Hundreds of Arkansans participate in the Women's March in Little Rock

Hundreds of Arkansans participate in the Women's March in Little Rock

Hundreds of people marched west on Capitol Avenue in solidarity of women's equality.

It's a demonstration filled with expectations.

"There's a lot of reasons to be out here," Laura Davis, a demonstrator, said.

"We need people's voices to be heard and this is one way to do it," Claudia Gillette, a demonstrator, said. "This makes you proud, this reinvigorates us."

Women and men, side by side, marching to the Arkansas Capitol.

"It's a chance for us to let Washington and Arkansans know what the people really think," Gillette said.

"Women have stepped up like never before and I’m just proud to be a part of that," Teresa Speed, another marcher, said.

It's all a part of the 2018 Women's March, a demonstration where the people here are not only seeking equality among men and women, but are also supporting the elimination of sexual harassment with the times up movement.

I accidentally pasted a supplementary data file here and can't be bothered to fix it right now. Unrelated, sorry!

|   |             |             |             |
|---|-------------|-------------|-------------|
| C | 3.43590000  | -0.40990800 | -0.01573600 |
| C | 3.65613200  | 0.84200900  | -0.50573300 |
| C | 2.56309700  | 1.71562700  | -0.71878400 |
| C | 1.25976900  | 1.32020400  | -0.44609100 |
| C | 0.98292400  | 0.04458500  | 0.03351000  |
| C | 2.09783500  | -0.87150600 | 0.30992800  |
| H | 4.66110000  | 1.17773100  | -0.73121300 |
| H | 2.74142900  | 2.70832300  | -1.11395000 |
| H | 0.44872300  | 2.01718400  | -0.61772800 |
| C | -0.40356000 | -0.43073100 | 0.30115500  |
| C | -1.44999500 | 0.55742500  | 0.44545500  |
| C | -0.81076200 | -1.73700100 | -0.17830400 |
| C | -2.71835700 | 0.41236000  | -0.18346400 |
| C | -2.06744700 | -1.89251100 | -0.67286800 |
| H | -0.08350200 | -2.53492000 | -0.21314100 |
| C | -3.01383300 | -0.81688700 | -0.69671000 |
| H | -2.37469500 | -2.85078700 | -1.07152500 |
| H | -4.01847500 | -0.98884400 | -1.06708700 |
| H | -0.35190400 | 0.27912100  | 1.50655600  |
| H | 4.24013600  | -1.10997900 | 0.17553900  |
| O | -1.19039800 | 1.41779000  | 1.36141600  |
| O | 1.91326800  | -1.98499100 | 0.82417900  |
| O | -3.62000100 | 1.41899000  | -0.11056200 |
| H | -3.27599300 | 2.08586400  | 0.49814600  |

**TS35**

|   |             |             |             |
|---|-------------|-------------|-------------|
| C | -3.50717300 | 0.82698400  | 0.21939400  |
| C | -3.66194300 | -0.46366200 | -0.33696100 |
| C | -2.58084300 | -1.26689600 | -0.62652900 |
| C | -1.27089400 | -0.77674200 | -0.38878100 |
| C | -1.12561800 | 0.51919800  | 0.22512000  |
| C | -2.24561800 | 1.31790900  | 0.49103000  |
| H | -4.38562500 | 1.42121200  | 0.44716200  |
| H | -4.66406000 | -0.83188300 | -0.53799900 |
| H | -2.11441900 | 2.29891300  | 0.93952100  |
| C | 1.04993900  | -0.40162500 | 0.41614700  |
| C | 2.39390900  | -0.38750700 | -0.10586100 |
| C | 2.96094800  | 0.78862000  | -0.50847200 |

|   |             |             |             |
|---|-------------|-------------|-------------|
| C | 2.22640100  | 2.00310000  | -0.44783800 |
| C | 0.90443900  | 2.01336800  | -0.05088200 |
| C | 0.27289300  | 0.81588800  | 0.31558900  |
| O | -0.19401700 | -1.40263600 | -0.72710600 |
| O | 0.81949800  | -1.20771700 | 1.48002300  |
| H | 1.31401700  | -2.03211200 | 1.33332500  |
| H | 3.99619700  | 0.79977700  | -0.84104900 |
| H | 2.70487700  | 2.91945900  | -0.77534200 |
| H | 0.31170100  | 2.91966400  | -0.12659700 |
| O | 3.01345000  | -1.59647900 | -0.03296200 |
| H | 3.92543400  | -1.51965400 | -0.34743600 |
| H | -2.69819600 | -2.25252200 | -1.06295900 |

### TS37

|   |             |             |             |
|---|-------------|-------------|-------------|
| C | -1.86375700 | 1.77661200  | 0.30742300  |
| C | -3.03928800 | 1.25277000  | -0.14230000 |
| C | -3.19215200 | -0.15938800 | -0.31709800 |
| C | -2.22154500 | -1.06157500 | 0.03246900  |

"It's not at the back of our minds anymore, it's at the forefront because we want to change it," Amanda Sowle, said.

"We have to make our voices be known that we are not represented by our Congress, our Senate or our White House," Speed said.

Hoping that these steps toward the Arkansas Capitol will be steps toward equal opportunities for women across the country, and the Natural State.

"I think it's worth it to come and show what you support and try to create some action to make things better," Sowle said.

"Women, we have to stand up and be recognized," said Speed.

"The only way that actions going to happen is if we do it together," Sowle said.

Tomorrow will mark the anniversary of the first women's march.

Last year, roughly five to seven thousand people marched in Little Rock.

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